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  5. hmscott

    hmscott Notebook Nobel Laureate

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    Four Versions of AMD Navi appeared in MacOS update
    21. January 2019 Florian Maislinger
    https://www.pcbuildersclub.com/en/2019/01/four-versions-of-amd-navi-appeared-in-macos-update/

    "The AMD Navi graphics cards are expected to launch in the second half of 2019. For the first time, MacOS source code now contains references to Navi.
    Navi, AMD’s large 7nm attack
    In 2019, AMD is the first processor and graphics card manufacturer to set its sights on 7nm on a large scale. While Intel and Nvidia still use 14nm and 12nm respectively, AMD gradually converts all products to 7nm. The graphics card sector makes the start with the Vega 20 chip. This chip is found in the server graphics cards Radeon Instinct MI60 and MI50 as well as in the new Radeon VII. The processor section also receives the first processor dies with a 7nm structure width through Zen 2. The server area also starts with this. In this case, Epyc 2 comes onto the market with up to 64 cores. In the middle of the year Ryzen 3000 will follow, possibly with up to 16 cores on AM4.

    However, customers are expecting the next generation of graphics cards, codenamed Navi, almost even more eagerly. While Vega 20 is only a 7nm version of the 14nm Vega 10 GPU, Navi is the first graphics card generation based exclusively on the 7nm process. With the new generation AMD wants to replace 2019 the whole product portfolio and bring it to 7nm. It replaces the Polaris and Vega graphics cards. Whether Navi will also replace the Radeon VII is still unknown. There will also be solutions based on the new generation for the mobility market. This is now also indicated by the source code of a MacOS update.

    Four Navi GPUs appeared in MacOS Mojave
    In the TonyMacx86 forum (via Videocardz) a user discovered something in the MacOS Mojave source code. In a file called “AMDRadeon6000HWServiceskext” the GPUs Navi 9, Navi 10, Navi 12 and Navi 16 can be found. The chip might always be the same, while the names only indicate variants or expansion levels. It is still uncertain which expansion stages are involved. However, the number could be the number of compute units, which is why the Navi graphics cards in the source code are probably mobile GPUs. The largest of these GPUs could therefore have 1,024 shader units. Another theory is that these are already the finished chip names, which is why Navi 10 could also be the top model with 64 CUs.

    The fact that Apple is already adapting the first lines of code to Navi could also mean that the new graphics cards will come onto the market much earlier than previously assumed. Six weeks before the launch of Vega, the MacOS source code showed signs of it for the first time. Other sources mention a presentation of the Navi graphics cards at E3 2019 in June. It is possible that AMD might launch the mobile versions earlier, while the desktop versions will follow at a later date."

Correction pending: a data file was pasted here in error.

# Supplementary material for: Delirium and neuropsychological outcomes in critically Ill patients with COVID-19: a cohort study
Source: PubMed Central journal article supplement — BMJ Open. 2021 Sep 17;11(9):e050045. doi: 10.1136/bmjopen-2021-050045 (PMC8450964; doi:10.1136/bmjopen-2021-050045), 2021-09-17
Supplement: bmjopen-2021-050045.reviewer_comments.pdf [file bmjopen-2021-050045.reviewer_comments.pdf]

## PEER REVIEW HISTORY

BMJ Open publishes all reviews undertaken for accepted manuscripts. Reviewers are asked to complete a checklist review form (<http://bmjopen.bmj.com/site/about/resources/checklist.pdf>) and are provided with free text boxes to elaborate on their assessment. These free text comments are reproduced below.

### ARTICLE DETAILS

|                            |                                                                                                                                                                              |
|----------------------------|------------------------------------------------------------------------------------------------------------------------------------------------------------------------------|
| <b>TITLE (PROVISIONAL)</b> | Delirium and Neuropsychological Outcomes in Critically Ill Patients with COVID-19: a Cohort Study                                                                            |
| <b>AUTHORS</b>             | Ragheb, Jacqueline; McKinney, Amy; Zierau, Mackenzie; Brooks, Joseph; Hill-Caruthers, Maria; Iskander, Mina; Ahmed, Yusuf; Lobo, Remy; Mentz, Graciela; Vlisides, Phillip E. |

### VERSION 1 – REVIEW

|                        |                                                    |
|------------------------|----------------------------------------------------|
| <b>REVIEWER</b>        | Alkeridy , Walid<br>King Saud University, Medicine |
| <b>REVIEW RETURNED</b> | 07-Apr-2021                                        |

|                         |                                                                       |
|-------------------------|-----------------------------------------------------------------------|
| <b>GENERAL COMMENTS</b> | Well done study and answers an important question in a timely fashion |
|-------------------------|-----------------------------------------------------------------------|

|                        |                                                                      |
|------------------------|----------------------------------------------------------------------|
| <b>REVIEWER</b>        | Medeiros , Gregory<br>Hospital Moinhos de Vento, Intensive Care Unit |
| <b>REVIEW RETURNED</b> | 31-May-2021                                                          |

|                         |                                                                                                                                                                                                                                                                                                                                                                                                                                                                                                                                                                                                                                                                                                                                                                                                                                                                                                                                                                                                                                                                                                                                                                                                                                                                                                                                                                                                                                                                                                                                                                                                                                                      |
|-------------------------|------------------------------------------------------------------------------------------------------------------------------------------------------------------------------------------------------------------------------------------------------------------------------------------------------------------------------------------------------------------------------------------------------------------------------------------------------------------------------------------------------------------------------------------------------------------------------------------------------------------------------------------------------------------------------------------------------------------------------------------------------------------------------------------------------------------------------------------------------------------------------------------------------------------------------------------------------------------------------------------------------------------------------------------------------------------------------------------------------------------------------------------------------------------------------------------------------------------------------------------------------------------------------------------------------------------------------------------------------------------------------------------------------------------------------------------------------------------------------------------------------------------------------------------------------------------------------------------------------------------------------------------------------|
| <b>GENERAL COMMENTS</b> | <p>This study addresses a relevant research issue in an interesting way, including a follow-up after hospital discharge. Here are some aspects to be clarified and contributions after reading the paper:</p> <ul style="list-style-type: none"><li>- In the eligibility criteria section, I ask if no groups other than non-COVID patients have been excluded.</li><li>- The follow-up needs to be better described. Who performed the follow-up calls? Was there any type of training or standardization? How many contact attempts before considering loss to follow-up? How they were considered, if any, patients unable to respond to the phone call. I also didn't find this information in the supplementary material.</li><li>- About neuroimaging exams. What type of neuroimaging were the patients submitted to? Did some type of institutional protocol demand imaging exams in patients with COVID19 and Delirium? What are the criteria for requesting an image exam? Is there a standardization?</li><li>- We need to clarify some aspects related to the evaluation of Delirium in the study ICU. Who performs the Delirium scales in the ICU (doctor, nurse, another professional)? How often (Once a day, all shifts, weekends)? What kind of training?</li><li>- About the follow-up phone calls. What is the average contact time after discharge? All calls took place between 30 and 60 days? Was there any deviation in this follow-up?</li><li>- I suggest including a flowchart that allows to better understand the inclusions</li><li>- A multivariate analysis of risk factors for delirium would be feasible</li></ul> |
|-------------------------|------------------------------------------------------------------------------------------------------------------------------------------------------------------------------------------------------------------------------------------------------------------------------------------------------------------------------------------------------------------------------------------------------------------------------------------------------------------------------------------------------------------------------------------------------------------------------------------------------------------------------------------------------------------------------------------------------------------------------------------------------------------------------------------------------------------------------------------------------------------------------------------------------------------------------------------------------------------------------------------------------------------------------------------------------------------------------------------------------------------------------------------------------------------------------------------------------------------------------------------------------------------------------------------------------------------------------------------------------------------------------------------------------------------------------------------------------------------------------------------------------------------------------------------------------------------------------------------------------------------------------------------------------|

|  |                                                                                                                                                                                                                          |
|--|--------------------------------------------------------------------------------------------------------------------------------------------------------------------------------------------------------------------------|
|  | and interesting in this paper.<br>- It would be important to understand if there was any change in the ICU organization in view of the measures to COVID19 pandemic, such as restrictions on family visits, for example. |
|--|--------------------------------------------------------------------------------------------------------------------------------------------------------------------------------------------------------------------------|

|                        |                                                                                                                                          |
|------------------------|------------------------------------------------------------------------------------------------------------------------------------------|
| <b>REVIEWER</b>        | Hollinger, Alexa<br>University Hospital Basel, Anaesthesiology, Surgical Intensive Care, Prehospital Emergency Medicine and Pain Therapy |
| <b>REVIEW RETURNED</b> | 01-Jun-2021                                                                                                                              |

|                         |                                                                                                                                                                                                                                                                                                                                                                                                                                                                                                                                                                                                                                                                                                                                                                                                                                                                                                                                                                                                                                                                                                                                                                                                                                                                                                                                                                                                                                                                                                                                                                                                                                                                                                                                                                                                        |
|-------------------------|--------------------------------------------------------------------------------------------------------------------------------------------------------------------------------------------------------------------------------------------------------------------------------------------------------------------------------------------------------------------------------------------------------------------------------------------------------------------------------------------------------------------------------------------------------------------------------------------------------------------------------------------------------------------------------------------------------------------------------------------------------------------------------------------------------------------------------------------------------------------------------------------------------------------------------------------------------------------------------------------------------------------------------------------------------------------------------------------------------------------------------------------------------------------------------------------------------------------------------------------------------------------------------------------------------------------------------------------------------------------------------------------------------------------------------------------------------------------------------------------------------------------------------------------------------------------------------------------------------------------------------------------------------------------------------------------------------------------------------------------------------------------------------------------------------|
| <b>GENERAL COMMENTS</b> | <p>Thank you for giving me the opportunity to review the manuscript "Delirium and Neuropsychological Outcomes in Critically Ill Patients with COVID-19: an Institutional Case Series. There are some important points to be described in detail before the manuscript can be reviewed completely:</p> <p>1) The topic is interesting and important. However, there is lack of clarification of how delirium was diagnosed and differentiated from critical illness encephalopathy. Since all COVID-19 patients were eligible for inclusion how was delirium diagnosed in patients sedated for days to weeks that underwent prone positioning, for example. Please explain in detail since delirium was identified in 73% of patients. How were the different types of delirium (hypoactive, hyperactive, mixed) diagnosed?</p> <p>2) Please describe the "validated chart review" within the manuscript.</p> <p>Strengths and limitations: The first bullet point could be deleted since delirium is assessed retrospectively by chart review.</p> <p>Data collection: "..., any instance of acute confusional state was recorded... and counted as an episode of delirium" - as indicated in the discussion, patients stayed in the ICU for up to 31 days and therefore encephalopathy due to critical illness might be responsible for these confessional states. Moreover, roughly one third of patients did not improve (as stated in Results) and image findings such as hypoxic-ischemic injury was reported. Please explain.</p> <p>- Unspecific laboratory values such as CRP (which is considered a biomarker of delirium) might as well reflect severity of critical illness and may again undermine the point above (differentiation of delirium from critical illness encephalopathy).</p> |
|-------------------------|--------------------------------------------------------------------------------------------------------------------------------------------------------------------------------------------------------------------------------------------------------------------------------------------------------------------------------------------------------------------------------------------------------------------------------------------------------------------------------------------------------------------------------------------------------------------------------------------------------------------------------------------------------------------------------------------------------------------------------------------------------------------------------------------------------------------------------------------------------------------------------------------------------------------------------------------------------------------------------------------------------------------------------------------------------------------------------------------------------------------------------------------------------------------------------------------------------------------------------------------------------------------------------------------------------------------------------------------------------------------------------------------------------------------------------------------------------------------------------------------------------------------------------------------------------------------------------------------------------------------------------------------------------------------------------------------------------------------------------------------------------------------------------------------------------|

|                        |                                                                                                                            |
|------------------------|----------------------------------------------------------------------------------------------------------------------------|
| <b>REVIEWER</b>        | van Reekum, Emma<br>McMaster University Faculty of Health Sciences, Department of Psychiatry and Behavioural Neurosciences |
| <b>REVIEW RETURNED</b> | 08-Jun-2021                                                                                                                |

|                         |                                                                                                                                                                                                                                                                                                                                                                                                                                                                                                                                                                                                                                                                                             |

AMD Radeon Navi
    https://www.insanelymac.com/forum/topic/336366-amd-radeon-navi/

    Navi Patch in macOS Mojave update (includes device ID and mentions Navi 9, Navi 10, Navi 12, and Navi 16)
    https://www.reddit.com/r/Amd/comments/ai5j31/navi_patch_in_macos_mojave_update_includes_device/

    The AMD Radeon VII supports DLSS via DirectX 12
    21. January 2019 Florian Maislinger
    https://www.pcbuildersclub.com/en/2019/01/the-amd-radeon-vii-supports-dlss-via-directx-12/

    "A feature of the Nvidia Turing graphics cards beside raytracing is DLSS. The AMD Radeon VII also supports this technique via the DirectML API.
    DLSS: 4K appearance, Full HD gaming load
    At the presentation of the new Turing graphics cards in August last year, there were several improvements and new techniques to see. The focus was of course on raytracing. The ray calculation results in much more realistic images, but the required hardware is expensive and has to be very strong. Gaming on UHD and high frame rates is practically no longer possible. However, the effects are very breathtaking, which is why it is a useful addition for some.

    The other technology in focus was Deep Learning Super Sampling (DLSS). This is a new kind of edge smoothing. Super Sampling has been a topic for several years now and is handled by every graphics card. With Turing Nvidia takes the technology to a new level. In its own data centers, hundreds of Tesla V100 graphics cards are used to completely calculate games with the help of Deep Learning. The neural network is trained for the games. The final calculation then takes place on the Turing graphics cards. The smoothing of the edges is far superior to a conventional anti-aliasing technique. With the Turing GPUs and activated DLSS, the image is only rendered in a low resolution and then upscaled to 4K and significantly improved by the edge smoothing. The result is a 4K image that does not require the computing power of a 4K image. Thus, the FPS increase, in some cases DLSS is even more beautiful than native 4K.